US 20040118681 A1
Biosensors are made by attaching covalently or non-covalently at least one reporter group to one or more specific positions of a bacterial periplasmic binding protein (bPBP). Upon binding of ligand to the biosensor, there is a change in the signal transduced by the reporter group.
1. A biosensor for ligand, which comprises a bacterial periplasmic binding protein (bPBP) which is not maltose binding protein and at least one reporter group attached at one or more specific positions of said bPBP; wherein binding of said ligand in a ligand-binding pocket of said biosensor causes a change in signaling by said reporter group; with the proviso that a biosensor comprising a glucose binding protein (GBP) is limited to attaching at least one reporting group at one or more positions of said GBP selected from the group consisting of 10, 93, 149 and 183.
2. The biosensor according to
3. The biosensor according to
4. The biosensor according to
5. The biosensor according to
6. The biosensor according to
7. The biosensor according to
8. The biosensor according to
9. The biosensor according to
10. The biosensor according to
11. The biosensor according to
12. The biosensor according to
13. The biosensor according to
14. The biosensor according to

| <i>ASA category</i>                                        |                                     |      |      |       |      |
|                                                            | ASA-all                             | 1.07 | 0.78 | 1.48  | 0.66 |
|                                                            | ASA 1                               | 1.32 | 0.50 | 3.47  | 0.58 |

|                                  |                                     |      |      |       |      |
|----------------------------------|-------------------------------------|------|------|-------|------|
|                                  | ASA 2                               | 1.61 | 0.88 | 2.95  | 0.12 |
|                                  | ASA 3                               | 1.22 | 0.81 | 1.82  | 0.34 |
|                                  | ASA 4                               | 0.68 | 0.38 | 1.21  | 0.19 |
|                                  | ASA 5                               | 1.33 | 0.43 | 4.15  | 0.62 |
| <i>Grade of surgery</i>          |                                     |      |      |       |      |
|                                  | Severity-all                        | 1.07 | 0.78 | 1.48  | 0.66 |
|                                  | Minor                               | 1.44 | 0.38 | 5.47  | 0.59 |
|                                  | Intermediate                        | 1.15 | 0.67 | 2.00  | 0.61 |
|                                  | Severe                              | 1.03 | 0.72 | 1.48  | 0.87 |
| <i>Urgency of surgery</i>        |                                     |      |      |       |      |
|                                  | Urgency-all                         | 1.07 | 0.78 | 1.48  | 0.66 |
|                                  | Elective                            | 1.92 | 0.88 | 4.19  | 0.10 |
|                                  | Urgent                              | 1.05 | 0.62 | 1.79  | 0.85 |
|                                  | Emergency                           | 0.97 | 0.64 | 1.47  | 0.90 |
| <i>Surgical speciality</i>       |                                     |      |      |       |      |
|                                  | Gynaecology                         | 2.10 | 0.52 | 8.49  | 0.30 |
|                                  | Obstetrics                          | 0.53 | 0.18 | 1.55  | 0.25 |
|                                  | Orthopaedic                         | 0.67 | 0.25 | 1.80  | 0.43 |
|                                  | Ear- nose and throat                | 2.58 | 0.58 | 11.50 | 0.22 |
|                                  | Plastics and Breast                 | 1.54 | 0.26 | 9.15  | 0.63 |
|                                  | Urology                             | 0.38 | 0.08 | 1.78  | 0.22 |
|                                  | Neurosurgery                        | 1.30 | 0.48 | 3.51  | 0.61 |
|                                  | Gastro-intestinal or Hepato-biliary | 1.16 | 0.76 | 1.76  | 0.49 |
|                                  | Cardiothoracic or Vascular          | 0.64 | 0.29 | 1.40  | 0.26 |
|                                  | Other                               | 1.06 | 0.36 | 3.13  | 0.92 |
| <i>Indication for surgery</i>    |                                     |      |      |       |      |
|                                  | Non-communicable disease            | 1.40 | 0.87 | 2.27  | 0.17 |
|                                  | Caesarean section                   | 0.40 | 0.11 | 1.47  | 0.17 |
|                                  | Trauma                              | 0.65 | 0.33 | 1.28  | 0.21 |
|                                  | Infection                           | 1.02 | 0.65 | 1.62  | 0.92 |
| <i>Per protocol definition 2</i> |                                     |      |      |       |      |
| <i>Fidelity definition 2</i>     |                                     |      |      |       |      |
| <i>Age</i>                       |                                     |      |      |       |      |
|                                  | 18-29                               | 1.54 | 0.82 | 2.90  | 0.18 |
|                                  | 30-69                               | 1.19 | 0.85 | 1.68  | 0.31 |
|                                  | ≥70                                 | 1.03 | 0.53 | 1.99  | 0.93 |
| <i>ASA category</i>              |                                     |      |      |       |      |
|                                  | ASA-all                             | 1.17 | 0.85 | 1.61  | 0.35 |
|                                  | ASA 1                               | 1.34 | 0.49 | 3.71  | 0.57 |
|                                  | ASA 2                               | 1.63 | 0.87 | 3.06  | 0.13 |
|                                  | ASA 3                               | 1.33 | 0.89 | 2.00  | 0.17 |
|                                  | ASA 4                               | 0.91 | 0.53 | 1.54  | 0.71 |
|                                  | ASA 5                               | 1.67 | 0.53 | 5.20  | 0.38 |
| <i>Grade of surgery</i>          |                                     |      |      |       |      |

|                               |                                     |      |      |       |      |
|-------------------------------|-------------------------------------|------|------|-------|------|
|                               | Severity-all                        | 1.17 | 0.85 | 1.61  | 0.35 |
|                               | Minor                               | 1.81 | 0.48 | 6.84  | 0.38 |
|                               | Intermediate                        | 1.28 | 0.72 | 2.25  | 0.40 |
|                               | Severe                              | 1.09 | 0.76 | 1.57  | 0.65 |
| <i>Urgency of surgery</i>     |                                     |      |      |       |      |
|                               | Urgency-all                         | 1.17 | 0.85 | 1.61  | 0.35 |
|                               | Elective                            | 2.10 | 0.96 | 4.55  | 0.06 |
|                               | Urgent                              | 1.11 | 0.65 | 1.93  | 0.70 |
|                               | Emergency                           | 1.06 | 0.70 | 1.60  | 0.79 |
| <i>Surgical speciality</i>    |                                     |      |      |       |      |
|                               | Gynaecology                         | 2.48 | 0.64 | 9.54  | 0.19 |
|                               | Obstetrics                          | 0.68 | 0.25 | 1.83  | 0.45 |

15. A biosensor for ligand, which comprises a bacterial periplasmic binding protein (bPBP) and at least one reporter group attached at one or more specific positions of said bPBP which are episteric or endosteric sites.
16. A method of detecting presence or absence of ligand in a sample, which comprises: contacting a biosensor according to
17. A method of quantitating amount or concentration of ligand in a sample, which comprises: contacting a biosensor according to
18. A method of assaying for ligand in a sample, which comprises:
(a) contacting a biosensor comprised of a bacterial periplasmic binding protein (bPBP) and at least one reporter group attached at one or more specific positions of said bPBP with said sample, wherein binding of said ligand in a ligand-binding pocket of said biosensor causes a change in signaling by said reporter group;
(b) measuring a ratiometric change (ΔR) for the signal transduced by said reporter group; and
(c) at least detecting or quantitating ligand present in said sample.
19. The method of
20. The method of
21. The method of
22. A method of constructing a biosensor, which comprises:
(a) selecting a first bacterial periplasmic binding protein (bPBP) of known amino acid sequence, wherein said first pPBP's three-dimensional structure has not been solved;
(b) modeling said first bPBP's three-dimensional structure on a three-dimensional structure which has been solved for a second bPBP;
(c) aligning at least one allosteric, endosteric, or peristeric site of said second bPBP with one or more putative positions at which reporter groups are to be attached to said first bPBP; and
(d) attaching at least one reporter group at one or more of said putative positions of said first bPBP to form a putative biosensor and determining whether said putative biosensor is functional.
 This application claims the benefit of provisional Appln. No. 60/418,359, filed Oct. 16, 2002.
 The U.S. Government has certain rights in this invention as provided for by the terms of NIH-RO1-GM49871 and ONR—N0014-98-1-0110.
 The present invention relates to biosensors and to methods of making and using same.